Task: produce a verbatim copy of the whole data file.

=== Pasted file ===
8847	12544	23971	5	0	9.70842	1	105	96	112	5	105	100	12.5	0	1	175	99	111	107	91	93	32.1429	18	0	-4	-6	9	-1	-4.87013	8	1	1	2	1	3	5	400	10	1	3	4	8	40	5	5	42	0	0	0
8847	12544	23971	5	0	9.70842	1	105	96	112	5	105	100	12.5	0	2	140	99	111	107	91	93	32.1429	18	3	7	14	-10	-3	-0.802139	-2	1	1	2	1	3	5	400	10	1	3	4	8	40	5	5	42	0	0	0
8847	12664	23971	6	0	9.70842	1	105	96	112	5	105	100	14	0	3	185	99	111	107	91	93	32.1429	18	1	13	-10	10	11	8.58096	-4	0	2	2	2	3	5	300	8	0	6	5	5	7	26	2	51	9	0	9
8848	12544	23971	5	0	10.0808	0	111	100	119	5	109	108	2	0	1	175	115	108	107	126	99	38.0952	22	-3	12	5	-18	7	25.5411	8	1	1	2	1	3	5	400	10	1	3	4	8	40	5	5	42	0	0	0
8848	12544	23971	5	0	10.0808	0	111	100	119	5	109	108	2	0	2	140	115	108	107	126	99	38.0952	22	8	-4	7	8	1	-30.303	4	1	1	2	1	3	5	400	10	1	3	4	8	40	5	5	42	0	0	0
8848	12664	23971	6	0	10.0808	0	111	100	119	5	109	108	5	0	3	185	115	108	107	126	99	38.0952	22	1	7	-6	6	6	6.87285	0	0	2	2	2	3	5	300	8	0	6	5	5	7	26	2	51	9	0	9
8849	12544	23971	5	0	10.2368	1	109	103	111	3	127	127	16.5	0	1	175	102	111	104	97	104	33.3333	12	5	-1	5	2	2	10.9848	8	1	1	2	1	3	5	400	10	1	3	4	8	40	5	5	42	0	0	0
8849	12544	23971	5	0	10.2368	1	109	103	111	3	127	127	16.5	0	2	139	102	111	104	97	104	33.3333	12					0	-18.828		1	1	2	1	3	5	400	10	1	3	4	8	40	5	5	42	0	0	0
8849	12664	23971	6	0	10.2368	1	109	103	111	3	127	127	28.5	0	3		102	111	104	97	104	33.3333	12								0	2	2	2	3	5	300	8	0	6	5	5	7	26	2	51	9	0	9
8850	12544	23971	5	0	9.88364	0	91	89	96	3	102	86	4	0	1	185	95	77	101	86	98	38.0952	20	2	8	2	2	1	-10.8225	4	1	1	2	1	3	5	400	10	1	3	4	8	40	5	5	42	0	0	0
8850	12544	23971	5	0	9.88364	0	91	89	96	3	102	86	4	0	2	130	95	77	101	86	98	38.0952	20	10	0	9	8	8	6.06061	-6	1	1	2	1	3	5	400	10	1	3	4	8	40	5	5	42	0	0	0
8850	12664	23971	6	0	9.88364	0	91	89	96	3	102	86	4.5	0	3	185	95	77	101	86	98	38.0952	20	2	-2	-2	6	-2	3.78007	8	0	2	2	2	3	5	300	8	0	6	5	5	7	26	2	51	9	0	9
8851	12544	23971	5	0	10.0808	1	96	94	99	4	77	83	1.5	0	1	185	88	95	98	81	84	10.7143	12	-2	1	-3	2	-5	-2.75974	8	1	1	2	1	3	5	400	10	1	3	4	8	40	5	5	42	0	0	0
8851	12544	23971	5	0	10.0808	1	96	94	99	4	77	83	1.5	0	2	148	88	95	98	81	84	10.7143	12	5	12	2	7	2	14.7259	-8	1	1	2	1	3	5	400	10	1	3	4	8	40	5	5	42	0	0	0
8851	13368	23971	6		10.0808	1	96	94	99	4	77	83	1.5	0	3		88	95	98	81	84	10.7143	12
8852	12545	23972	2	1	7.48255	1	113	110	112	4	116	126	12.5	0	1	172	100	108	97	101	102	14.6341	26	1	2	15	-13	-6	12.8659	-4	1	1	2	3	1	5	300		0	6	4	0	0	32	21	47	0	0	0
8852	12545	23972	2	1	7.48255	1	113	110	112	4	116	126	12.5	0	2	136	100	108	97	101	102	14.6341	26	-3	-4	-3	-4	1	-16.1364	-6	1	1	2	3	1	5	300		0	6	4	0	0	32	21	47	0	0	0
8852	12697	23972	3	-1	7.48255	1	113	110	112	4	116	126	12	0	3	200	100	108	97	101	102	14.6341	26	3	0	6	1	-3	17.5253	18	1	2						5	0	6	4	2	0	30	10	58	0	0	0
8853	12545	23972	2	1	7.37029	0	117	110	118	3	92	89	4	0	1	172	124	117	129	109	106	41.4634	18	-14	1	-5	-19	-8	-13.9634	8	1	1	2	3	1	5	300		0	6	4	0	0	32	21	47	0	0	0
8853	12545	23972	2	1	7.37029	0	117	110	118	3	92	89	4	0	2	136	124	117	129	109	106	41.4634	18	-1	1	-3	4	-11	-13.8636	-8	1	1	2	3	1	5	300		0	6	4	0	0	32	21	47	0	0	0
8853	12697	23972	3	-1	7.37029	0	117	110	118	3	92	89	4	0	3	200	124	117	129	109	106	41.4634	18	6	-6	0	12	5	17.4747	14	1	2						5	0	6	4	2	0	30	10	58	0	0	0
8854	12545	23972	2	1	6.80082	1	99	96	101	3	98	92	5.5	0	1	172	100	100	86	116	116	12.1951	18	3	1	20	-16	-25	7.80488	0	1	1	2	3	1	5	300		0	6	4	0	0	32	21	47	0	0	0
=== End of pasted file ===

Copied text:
8847	12544	23971	5	0	9.70842	1	105	96	112	5	105	100	12.5	0	1	175	99	111	107	91	93	32.1429	18	0	-4	-6	9	-1	-4.87013	8	1	1	2	1	3	5	400	10	1	3	4	8	40	5	5	42	0	0	0
8847	12544	23971	5	0	9.70842	1	105	96	112	5	105	100	12.5	0	2	140	99	111	107	91	93	32.1429	18	3	7	14	-10	-3	-0.802139	-2	1	1	2	1	3	5	400	10	1	3	4	8	40	5	5	42	0	0	0
8847	12664	23971	6	0	9.70842	1	105	96	112	5	105	100	14	0	3	185	99	111	107	91	93	32.1429	18	1	13	-10	10	11	8.58096	-4	0	2	2	2	3	5	300	8	0	6	5	5	7	26	2	51	9	0	9
8848	12544	23971	5	0	10.0808	0	111	100	119	5	109	108	2	0	1	175	115	108	107	126	99	38.0952	22	-3	12	5	-18	7	25.5411	8	1	1	2	1	3	5	400	10	1	3	4	8	40	5	5	42	0	0	0
8848	12544	23971	5	0	10.0808	0	111	100	119	5	109	108	2	0	2	140	115	108	107	126	99	38.0952	22	8	-4	7	8	1	-30.303	4	1	1	2	1	3	5	400	10	1	3	4	8	40	5	5	42	0	0	0
8848	12664	23971	6	0	10.0808	0	111	100	119	5	109	108	5	0	3	185	115	108	107	126	99	38.0952	22	1	7	-6	6	6	6.87285	0	0	2	2	2	3	5	300	8	0	6	5	5	7	26	2	51	9	0	9
8849	12544	23971	5	0	10.2368	1	109	103	111	3	127	127	16.5	0	1	175	102	111	104	97	104	33.3333	12	5	-1	5	2	2	10.9848	8	1	1	2	1	3	5	400	10	1	3	4	8	40	5	5	42	0	0	0
8849	12544	23971	5	0	10.2368	1	109	103	111	3	127	127	16.5	0	2	139	102	111	104	97	104	33.3333	12					0	-18.828		1	1	2	1	3	5	400	10	1	3	4	8	40	5	5	42	0	0	0
8849	12664	23971	6	0	10.2368	1	109	103	111	3	127	127	28.5	0	3		102	111	104	97	104	33.3333	12								0	2	2	2	3	5	300	8	0	6	5	5	7	26	2	51	9	0	9
8850	12544	23971	5	0	9.88364	0	91	89	96	3	102	86	4	0	1	185	95	77	101	86	98	38.0952	20	2	8	2	2	1	-10.8225	4	1	1	2	1	3	5	400	10	1	3	4	8	40	5	5	42	0	0	0
8850	12544	23971	5	0	9.88364	0	91	89	96	3	102	86	4	0	2	130	95	77	101	86	98	38.0952	20	10	0	9	8	8	6.06061	-6	1	1	2	1	3	5	400	10	1	3	4	8	40	5	5	42	0	0	0
8850	12664	23971	6	0	9.88364	0	91	89	96	3	102	86	4.5	0	3	185	95	77	101	86	98	38.0952	20	2	-2	-2	6	-2	3.78007	8	0	2	2	2	3	5	300	8	0	6	5	5	7	26	2	51	9	0	9
8851	12544	23971	5	0	10.0808	1	96	94	99	4	77	83	1.5	0	1	185	88	95	98	81	84	10.7143	12	-2	1	-3	2	-5	-2.75974	8	1	1	2	1	3	5	400	10	1	3	4	8	40	5	5	42	0	0	0
8851	12544	23971	5	0	10.0808	1	96	94	99	4	77	83	1.5	0	2	148	88	95	98	81	84	10.7143	12	5	12	2	7	2	14.7259	-8	1	1	2	1	3	5	400	10	1	3	4	8	40	5	5	42	0	0	0
8851	13368	23971	6		10.0808	1	96	94	99	4	77	83	1.5	0	3		88	95	98	81	84	10.7143	12
8852	12545	23972	2	1	7.48255	1	113	110	112	4	116	126	12.5	0	1	172	100	108	97	101	102	14.6341	26	1	2	15	-13	-6	12.8659	-4	1	1	2	3	1	5	300		0	6	4	0	0	32	21	47	0	0	0
8852	12545	23972	2	1	7.48255	1	113	110	112	4	116	126	12.5	0	2	136	100	108	97	101	102	14.6341	26	-3	-4	-3	-4	1	-16.1364	-6	1	1	2	3	1	5	300		0	6	4	0	0	32	21	47	0	0	0
8852	12697	23972	3	-1	7.48255	1	113	110	112	4	116	126	12	0	3	200	100	108	97	101	102	14.6341	26	3	0	6	1	-3	17.5253	18	1	2						5	0	6	4	2	0	30	10	58	0	0	0
8853	12545	23972	2	1	7.37029	0	117	110	118	3	92	89	4	0	1	172	124	117	129	109	106	41.4634	18	-14	1	-5	-19	-8	-13.9634	8	1	1	2	3	1	5	300		0	6	4	0	0	32	21	47	0	0	0
8853	12545	23972	2	1	7.37029	0	117	110	118	3	92	89	4	0	2	136	124	117	129	109	106	41.4634	18	-1	1	-3	4	-11	-13.8636	-8	1	1	2	3	1	5	300		0	6	4	0	0	32	21	47	0	0	0
8853	12697	23972	3	-1	7.37029	0	117	110	118	3	92	89	4	0	3	200	124	117	129	109	106	41.4634	18	6	-6	0	12	5	17.4747	14	1	2						5	0	6	4	2	0	30	10	58	0	0	0
8854	12545	23972	2	1	6.80082	1	99	96	101	3	98	92	5.5	0	1	172	100	100	86	116	116	12.1951	18	3	1	20	-16	-25	7.80488	0	1	1	2	3	1	5	300		0	6	4	0	0	32	21	47	0	0	0